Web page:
Stop Feeling Guilty About Having So Many Unread Books
Is your bookshelf teeming with more books than you have time to read? Or do your unread books induce feelings of guilt?
If so, you may be practicing the ancient Japanese art of tsundoku, that is, buying more books than you’ll ever read.
You could curtail your out-of-control shopping habits and put a plan in place to focus on your reading list like Warren Buffett or Bill Gates.
Recognize Reading As A Source Of Learning
There’s nothing wrong with reading a cheap or trashy thriller for pleasure. A good business book, on the other hand, should stand as a source of learning or help you solve a problem.
In an interview with the New York Times, Gates said,
“These days, I also get to visit interesting places, meet with scientists, and watch a lot of lectures online. But reading is still the main way that I both learn new things and test my understanding.”
Gates is not alone. When asked about the secret to his success, Warren Buffett told a body of students about to graduate,
“Read 500 pages…every day. That’s how knowledge works. It builds up, like compound interest. All of you can do it, but I guarantee not many of you will do it.”
But how can you get through 50, never mind 500, pages a day?
Read More Than One Business Book At Once
I like to keep two or three books on the go. This practice enables me to switch from one book to the next without getting bored. Reading multiple books means the ideas from the first book mix in weird ways with the ideas from the second book.
The trick is not to read so many books that you find it difficult to get through them. However, if you read more than one book, you’ll always have something to feel excited about picking up.
Listen To Audiobooks
Audiobooks are a fantastic way to get through more business books from your list. You can listen to them while commuting to work, on the train or working out. After you’re comfortable with the format, increase the playback speed to one-and-a-half or even two times normal playback speed.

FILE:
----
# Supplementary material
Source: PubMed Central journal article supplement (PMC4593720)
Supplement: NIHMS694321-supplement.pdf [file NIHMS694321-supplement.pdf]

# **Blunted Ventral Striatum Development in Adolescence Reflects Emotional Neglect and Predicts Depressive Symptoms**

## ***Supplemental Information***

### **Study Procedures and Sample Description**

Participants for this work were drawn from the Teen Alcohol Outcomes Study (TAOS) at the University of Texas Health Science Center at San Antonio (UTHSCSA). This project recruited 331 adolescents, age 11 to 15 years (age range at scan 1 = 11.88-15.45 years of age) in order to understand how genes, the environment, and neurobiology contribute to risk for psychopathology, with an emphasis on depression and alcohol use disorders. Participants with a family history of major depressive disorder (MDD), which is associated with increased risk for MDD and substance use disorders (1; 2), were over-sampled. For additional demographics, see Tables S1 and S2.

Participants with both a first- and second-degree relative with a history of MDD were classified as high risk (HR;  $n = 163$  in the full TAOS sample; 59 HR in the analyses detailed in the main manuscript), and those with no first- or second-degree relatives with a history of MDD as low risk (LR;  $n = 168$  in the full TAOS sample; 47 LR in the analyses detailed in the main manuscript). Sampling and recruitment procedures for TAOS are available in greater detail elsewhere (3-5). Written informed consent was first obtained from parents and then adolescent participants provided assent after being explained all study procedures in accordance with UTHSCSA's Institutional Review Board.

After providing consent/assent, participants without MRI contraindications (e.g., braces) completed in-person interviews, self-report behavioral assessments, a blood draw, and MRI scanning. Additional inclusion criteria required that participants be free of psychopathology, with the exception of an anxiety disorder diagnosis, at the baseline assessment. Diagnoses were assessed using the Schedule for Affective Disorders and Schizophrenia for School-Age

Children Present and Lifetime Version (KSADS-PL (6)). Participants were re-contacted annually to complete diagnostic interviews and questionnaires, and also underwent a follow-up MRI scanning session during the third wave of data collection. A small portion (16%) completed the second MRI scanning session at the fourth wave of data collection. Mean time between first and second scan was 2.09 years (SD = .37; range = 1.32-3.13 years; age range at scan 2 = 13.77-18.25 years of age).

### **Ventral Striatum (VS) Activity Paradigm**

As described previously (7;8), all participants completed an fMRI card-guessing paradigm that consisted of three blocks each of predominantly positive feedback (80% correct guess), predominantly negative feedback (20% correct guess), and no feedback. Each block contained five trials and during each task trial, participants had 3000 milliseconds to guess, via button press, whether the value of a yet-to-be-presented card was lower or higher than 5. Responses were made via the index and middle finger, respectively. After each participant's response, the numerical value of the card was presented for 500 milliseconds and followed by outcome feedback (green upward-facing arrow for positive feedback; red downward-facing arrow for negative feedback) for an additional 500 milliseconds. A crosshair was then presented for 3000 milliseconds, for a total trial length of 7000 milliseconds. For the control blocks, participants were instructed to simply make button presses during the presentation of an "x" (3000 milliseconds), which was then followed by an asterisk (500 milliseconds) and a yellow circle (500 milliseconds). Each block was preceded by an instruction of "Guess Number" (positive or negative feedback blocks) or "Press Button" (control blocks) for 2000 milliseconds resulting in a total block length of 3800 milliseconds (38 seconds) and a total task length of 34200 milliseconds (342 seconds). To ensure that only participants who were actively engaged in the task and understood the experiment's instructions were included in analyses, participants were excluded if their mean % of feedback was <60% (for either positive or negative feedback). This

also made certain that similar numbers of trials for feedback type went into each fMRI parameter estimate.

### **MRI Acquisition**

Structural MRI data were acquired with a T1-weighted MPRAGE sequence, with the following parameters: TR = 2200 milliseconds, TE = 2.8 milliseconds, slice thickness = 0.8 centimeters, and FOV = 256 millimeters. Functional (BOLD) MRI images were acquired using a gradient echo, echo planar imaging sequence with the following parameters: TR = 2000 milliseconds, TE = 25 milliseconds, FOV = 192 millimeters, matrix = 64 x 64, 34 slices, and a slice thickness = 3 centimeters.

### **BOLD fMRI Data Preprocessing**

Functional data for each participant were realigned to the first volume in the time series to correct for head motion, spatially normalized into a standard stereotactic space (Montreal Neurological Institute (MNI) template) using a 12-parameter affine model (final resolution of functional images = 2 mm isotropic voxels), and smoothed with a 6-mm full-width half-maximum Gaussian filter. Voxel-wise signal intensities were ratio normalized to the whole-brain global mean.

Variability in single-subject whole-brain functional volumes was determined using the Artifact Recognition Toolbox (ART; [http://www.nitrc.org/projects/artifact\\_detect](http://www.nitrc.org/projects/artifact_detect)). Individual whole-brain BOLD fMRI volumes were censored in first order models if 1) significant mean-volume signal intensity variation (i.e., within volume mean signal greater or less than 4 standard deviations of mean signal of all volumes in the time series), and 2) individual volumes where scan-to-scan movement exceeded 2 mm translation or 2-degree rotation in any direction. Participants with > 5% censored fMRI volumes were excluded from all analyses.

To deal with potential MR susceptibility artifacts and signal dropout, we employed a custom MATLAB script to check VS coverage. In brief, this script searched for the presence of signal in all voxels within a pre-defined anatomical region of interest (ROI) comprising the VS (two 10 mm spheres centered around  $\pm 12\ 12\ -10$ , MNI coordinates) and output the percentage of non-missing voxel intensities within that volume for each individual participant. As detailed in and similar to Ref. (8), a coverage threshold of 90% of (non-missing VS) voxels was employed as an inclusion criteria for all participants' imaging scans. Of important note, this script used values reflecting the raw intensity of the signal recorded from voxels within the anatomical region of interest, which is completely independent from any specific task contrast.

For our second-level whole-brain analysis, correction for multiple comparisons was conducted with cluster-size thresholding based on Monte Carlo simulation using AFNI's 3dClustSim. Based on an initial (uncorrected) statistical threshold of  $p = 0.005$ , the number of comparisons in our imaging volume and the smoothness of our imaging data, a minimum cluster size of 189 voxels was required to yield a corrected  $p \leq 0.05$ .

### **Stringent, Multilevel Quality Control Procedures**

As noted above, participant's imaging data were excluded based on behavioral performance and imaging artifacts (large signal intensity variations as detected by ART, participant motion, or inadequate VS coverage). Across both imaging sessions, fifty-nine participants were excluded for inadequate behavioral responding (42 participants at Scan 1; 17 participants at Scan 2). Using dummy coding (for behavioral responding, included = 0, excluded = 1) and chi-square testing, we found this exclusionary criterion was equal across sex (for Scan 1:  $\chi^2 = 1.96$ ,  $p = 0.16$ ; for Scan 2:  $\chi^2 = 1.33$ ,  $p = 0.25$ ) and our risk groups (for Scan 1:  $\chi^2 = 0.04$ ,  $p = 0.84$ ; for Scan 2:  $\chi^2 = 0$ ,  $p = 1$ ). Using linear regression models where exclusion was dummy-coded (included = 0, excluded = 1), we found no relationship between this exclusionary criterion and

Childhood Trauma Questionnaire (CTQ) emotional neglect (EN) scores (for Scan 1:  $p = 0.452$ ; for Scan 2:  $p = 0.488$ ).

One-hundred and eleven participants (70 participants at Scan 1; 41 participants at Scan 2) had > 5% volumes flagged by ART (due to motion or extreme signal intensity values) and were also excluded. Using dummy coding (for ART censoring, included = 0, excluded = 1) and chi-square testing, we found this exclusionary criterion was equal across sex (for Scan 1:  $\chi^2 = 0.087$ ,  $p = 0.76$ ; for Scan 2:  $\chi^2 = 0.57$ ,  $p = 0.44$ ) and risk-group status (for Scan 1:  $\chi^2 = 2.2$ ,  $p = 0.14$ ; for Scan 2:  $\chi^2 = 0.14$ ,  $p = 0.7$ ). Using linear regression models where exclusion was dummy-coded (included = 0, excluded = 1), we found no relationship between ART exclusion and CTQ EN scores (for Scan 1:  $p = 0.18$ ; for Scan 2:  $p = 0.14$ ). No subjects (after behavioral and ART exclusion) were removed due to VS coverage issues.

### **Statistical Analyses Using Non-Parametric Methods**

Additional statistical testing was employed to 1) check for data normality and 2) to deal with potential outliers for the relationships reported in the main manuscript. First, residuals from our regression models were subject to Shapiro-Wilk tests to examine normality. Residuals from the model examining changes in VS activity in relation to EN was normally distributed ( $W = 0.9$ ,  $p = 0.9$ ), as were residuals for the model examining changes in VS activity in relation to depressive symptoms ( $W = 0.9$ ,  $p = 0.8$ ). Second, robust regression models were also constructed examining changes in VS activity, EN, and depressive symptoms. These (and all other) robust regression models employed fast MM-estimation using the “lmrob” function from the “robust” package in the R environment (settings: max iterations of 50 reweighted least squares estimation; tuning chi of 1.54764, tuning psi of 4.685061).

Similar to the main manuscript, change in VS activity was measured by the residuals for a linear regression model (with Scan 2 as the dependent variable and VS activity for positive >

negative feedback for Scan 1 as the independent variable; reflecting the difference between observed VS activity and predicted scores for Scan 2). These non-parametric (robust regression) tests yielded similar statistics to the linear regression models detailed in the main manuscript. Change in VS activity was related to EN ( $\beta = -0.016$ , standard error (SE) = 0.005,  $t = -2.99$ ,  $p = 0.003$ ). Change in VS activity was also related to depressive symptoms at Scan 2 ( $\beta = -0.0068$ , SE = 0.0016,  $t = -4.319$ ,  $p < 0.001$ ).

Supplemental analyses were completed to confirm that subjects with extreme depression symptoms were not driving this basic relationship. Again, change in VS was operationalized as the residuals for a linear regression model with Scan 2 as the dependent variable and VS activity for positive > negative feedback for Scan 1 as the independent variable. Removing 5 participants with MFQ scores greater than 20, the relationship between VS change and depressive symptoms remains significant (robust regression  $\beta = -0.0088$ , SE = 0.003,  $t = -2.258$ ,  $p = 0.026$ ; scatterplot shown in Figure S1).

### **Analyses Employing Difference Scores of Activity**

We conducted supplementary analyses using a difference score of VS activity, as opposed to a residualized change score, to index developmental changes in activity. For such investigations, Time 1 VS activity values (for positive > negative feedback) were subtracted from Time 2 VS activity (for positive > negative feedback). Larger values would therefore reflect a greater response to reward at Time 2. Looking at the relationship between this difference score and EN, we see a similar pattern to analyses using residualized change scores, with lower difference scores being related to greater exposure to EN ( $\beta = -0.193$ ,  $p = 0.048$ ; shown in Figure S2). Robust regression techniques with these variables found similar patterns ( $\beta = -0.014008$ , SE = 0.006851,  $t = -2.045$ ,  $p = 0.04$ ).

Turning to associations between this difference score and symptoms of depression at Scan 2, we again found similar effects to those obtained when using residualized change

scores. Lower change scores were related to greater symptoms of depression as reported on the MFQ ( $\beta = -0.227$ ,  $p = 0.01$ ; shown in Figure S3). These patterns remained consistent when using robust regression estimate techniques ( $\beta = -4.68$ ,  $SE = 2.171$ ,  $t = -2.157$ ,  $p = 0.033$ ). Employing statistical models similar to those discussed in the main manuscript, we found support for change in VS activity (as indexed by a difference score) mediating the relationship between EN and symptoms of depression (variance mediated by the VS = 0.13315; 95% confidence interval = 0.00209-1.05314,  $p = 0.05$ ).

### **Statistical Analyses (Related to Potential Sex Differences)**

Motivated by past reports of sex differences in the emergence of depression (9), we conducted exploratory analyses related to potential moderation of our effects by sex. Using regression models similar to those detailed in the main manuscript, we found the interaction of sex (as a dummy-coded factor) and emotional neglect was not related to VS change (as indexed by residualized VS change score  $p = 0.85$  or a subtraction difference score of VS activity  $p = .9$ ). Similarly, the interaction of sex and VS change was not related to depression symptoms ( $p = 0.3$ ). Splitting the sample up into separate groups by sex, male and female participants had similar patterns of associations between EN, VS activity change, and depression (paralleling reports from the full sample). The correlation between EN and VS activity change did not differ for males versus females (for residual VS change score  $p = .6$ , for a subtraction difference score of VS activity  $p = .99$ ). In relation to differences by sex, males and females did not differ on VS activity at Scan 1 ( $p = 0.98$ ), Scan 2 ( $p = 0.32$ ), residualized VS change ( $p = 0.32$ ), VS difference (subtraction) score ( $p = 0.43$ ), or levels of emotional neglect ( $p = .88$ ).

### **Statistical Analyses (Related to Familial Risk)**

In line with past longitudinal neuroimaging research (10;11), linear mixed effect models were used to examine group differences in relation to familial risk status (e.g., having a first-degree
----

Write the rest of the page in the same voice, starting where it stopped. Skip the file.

I particularly like how Amazon’s Whispersync technology enables me to listen to an audiobook on my phone and resume reading it from a Kindle later on.
Abandon Bad Books
Oprah famously recommended putting a book down after 50 pages if it’s not enjoyable. I’d caveat that recommendation with “if it’s not enjoyable or useful.”
If you struggle with this practice, don’t worry.
Bill Gates has trouble putting down bad books too. Gates told Time magazine he spends more time on books he dislikes because he writes arguments and counterpoints in the margins.
Ask Your Peers For Book Recommendations
In an interview with Time, Gates cited Business Adventures by John Brooks as one of his favorite reads of all time. He said,
“[Business Adventures] is a collection of Brooks’s New Yorker essays about why various companies succeeded or failed. The essay titled “Xerox Xerox Xerox Xerox” should win an award for most clever chapter name, and the lessons inside the book are even better. I took inspiration from it while running Microsoft.”
You might not be able to run your purchases past Gates or Buffett before clicking “Buy now” on Amazon, but you can use their public reading lists to inform which business books you pick up next.
Create Your Antilibrary
Lebanese-American investor and author Nassim Taleb believes the books you haven’t read contain more value than the ones you’ve finished.
In Black Swan, he told his readers to beware of reading too many books from a list or personal library without replenishing their shelves with unread titles. He called on us to build a personal antilibrary of unread books.
“The [antilibrary] should contain as much of what you do not know as your financial means, mortgage rates, and the currently tight real-estate market allows you to put there.
In other words, there’s nothing wrong with tsundoku after all.